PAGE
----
Healthcare practices throughout the country are moving part or all of their IT infrastructure to one of several models of “the cloud.” The cloud computing model has proven to be an effective method for both large and small practices. Still, there is some uncertainty about when the right time is to utilize cloud computing and what problems it solves.
Here are five key indicators that a practice is ready for the cloud.
1. Budgetary Changes
Some practices’ cash flow lends well to large capital investments, so a traditional model of computing works well. But for other practices, these large expenditures can cause problems, especially when they’re unexpected.
Cloud computing offers a model that transforms IT costs from a capital expense to a predictable operating expense. This makes budgeting easier while freeing cash flow to invest in other technologies that give the practice a competitive edge and improve patient care.
2. Staffing Needs
Various staffing issues can contribute to a practice’s decision to move to the cloud. When a practice doesn’t have the staff necessary to implement, grow and manage an IT environment, they look to alternative options. The cloud is one of those options.
For some practices, the issue can be losing a tenured IT person. This IT person may be the only person in the organization that knows the intricacies of your environment. Using the cloud can help your practice more quickly recover from an employee-loss. Cloud computing spreads the responsibility and liability of IT across a team of healthcare IT specialists, rather than just one person.
For other practices, in rural areas especially, the issue may be finding and retaining qualified IT staff. IT specialists in storage, networking and virtualization can be especially difficult to find, making it challenging for practices to employ the right resources for their needs. With cloud providers, practices have access to a whole team of specialists in various areas of IT.
3. Compliance Gaps
The HIPAA Security Rule requires that covered entities conduct a risk assessment of their healthcare organization to ensure compliance. This risk assessment reveals areas where practice’s ePHI could be at risk.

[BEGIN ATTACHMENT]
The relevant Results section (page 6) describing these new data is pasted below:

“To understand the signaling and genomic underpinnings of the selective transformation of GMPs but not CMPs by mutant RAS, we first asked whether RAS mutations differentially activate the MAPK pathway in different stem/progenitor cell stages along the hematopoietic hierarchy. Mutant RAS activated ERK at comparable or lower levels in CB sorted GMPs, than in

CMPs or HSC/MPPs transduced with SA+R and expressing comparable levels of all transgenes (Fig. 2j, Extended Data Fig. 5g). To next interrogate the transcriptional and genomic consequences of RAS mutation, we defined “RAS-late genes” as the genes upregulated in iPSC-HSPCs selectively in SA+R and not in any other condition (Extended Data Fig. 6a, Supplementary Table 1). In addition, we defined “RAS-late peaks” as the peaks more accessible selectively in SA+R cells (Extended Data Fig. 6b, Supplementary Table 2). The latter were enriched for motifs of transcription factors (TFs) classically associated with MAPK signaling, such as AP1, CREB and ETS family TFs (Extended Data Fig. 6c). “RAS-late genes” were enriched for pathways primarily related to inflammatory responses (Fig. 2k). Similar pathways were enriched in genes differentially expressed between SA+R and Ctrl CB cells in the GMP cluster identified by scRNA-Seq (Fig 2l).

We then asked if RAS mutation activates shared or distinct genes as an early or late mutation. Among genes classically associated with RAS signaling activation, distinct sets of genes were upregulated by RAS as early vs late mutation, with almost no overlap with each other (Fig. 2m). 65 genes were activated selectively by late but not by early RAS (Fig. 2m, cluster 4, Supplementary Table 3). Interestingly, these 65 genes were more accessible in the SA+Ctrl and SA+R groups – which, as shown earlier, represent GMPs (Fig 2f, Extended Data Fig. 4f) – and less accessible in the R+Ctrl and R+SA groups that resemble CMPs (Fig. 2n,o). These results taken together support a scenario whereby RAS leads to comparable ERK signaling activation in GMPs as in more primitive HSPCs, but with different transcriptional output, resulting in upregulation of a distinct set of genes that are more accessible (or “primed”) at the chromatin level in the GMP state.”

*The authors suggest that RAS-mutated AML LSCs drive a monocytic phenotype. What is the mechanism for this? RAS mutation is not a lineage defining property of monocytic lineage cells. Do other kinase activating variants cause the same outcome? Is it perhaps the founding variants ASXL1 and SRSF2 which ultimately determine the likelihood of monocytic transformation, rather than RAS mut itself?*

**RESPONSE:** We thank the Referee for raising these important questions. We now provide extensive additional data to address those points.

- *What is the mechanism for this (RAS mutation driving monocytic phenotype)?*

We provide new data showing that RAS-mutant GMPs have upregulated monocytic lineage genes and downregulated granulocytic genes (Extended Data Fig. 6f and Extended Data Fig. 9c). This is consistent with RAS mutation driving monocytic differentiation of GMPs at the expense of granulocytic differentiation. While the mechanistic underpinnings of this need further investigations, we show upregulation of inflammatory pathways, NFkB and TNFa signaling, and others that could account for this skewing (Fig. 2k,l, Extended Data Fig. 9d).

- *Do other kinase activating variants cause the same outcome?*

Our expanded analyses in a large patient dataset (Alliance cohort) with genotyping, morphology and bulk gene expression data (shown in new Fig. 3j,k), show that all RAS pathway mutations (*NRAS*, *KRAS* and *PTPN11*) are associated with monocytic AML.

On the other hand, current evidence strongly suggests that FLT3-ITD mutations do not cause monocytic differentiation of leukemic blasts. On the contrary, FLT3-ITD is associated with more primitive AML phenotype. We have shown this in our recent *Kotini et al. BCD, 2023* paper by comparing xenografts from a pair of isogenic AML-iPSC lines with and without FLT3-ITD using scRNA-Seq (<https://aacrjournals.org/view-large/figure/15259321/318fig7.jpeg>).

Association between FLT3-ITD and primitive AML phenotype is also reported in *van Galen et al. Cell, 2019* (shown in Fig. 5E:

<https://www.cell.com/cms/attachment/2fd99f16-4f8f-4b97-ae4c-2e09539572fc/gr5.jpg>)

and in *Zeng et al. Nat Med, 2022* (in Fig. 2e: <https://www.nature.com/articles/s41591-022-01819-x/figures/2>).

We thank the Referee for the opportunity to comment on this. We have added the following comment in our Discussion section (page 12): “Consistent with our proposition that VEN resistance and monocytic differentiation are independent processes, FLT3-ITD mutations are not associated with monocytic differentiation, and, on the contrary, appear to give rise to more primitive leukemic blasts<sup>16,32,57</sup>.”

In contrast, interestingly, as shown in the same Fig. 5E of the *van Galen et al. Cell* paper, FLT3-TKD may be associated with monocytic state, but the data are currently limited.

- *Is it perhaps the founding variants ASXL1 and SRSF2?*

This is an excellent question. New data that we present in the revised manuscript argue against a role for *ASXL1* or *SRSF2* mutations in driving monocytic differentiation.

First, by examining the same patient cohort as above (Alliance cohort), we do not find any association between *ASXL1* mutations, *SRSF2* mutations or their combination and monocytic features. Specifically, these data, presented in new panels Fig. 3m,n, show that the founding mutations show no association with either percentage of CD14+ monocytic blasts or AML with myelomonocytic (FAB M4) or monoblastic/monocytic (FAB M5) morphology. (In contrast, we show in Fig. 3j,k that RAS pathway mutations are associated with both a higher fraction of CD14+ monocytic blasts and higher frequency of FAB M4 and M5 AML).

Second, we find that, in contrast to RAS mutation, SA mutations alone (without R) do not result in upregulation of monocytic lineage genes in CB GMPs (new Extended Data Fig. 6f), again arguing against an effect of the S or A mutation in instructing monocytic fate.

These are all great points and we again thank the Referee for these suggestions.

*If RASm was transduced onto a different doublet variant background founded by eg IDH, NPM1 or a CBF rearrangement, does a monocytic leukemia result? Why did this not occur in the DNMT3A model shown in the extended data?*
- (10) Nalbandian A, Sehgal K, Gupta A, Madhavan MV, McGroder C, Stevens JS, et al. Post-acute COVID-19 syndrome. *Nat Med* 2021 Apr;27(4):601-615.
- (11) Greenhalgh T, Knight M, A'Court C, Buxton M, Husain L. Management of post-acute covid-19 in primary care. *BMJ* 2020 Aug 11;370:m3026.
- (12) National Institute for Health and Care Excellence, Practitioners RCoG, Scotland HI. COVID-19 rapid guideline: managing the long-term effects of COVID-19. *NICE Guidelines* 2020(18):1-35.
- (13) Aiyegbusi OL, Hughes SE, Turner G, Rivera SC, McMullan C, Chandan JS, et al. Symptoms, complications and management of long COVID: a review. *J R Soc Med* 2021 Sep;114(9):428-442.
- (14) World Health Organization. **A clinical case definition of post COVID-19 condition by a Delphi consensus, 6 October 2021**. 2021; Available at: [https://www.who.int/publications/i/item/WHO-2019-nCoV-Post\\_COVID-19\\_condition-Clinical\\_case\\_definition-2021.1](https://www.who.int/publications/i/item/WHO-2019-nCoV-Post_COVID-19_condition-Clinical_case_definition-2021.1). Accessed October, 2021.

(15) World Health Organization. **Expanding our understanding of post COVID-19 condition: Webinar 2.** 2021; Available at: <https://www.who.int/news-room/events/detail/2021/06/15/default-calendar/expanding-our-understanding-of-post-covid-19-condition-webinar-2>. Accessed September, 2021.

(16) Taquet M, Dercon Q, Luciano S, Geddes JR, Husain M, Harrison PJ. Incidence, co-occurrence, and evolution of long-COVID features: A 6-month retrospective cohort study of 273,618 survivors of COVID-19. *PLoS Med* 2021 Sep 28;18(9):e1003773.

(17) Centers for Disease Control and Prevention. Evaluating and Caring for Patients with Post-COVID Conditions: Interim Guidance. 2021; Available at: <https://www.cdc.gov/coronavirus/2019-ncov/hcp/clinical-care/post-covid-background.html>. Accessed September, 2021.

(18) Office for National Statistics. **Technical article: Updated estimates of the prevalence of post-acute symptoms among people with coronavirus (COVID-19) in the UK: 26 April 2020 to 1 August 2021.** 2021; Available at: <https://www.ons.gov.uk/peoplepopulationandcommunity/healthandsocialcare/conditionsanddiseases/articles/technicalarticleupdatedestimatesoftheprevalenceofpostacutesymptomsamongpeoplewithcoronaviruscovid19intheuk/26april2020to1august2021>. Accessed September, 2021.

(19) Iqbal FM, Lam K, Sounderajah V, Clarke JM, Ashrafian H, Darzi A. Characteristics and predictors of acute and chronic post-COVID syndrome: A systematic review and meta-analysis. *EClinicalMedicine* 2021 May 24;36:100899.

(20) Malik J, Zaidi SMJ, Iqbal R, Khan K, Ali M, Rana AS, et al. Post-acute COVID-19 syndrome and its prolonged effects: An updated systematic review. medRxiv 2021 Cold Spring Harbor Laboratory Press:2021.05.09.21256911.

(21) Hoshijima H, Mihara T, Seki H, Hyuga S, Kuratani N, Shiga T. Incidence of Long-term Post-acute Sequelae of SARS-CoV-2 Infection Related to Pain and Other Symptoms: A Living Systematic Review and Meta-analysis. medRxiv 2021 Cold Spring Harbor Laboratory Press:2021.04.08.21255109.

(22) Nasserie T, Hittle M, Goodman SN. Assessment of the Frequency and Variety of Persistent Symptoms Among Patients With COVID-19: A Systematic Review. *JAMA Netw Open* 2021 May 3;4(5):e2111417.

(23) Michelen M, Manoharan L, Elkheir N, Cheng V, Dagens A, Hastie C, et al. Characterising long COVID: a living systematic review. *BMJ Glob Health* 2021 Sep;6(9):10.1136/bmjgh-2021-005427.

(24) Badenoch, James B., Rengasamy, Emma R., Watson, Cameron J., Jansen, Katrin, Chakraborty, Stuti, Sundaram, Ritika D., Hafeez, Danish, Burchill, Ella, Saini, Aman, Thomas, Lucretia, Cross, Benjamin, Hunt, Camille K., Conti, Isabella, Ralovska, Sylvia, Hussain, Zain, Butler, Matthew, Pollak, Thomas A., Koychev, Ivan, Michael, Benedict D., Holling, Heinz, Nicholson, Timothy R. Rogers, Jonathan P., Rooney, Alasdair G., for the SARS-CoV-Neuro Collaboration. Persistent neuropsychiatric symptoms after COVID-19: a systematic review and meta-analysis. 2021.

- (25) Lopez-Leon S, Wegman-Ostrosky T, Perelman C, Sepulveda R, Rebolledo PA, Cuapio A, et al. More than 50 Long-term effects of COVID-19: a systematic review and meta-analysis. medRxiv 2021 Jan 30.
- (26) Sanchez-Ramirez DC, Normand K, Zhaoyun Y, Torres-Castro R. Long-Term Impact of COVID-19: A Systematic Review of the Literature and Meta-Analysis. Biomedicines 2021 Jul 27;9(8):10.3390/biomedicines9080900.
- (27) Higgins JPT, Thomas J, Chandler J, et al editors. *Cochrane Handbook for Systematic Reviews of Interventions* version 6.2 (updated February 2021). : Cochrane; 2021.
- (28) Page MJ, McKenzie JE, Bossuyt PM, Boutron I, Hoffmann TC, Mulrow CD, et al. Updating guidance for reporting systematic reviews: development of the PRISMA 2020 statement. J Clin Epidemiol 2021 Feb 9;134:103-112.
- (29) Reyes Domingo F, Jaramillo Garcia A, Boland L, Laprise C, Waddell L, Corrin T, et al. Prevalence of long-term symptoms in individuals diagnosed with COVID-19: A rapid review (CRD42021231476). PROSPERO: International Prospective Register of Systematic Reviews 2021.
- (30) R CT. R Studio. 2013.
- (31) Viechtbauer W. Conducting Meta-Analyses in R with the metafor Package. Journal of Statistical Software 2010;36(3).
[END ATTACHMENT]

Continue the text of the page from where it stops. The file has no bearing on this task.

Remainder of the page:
Following a risk assessment, many practices have a laundry list of items to complete to bring their practice to compliance. These items may range from easily implemented tasks to large, expensive initiatives. Unfortunately, many practices don’t take action on these items because of the complexity or cost of the project. Ignoring these gaps leaves the practice and their ePHI at risk.
Cloud providers are considered Business Associates under HIPAA’s Security Rule. They carry a Business Associates Agreement (BAA) with the practices in their cloud. A BAA puts more liability on the cloud provider and lessens the responsibility of the practice. Practices work closely with their cloud providers to ensure their Security Assessment gaps are addressed adequately.
4. EHR Software Changes
When a practice implements a new EHR, switches platforms or faces a major version upgrade, it can also mean significant infrastructure changes. This initiative can be extremely time, budget and resource intensive.
With EHR platform changes, practices often experience a need for updated hardware and additional storage. In a traditional computing environment, this means a significant, upfront investment in resources. In the cloud, this means the simple procurement of required resources and a monthly fee based on resource consumption.
5. Practice Growth
Growth is very exciting for practices, whether its adding providers, staff or new locations. Growth can also be a very complex and expensive time for the practice, if their IT environment isn’t set-up to easily accommodate these changes.
Often times when practices grow, their IT environment becomes more complex. This is caused by the need for additional storage, remote login capabilities, networking requirements and other IT needs. In a cloud environment, though, practice growth is handled more quickly and securely with the procurement of necessary resources by your cloud provider. Practices save considerable amounts of time when launching new staff or locations in the cloud.
These are just a few indicators that your practice may be ready to move to the cloud; there are many more. Is your practice experiencing any of these issues?
Once you’ve made the decision to move to the cloud, the next step is determining what type of cloud is right for your practice. We have you covered. Check out our blog on public vs. private cloud computing to get a better idea of what’s right for your practice. Or, reach out to one of our cloud experts!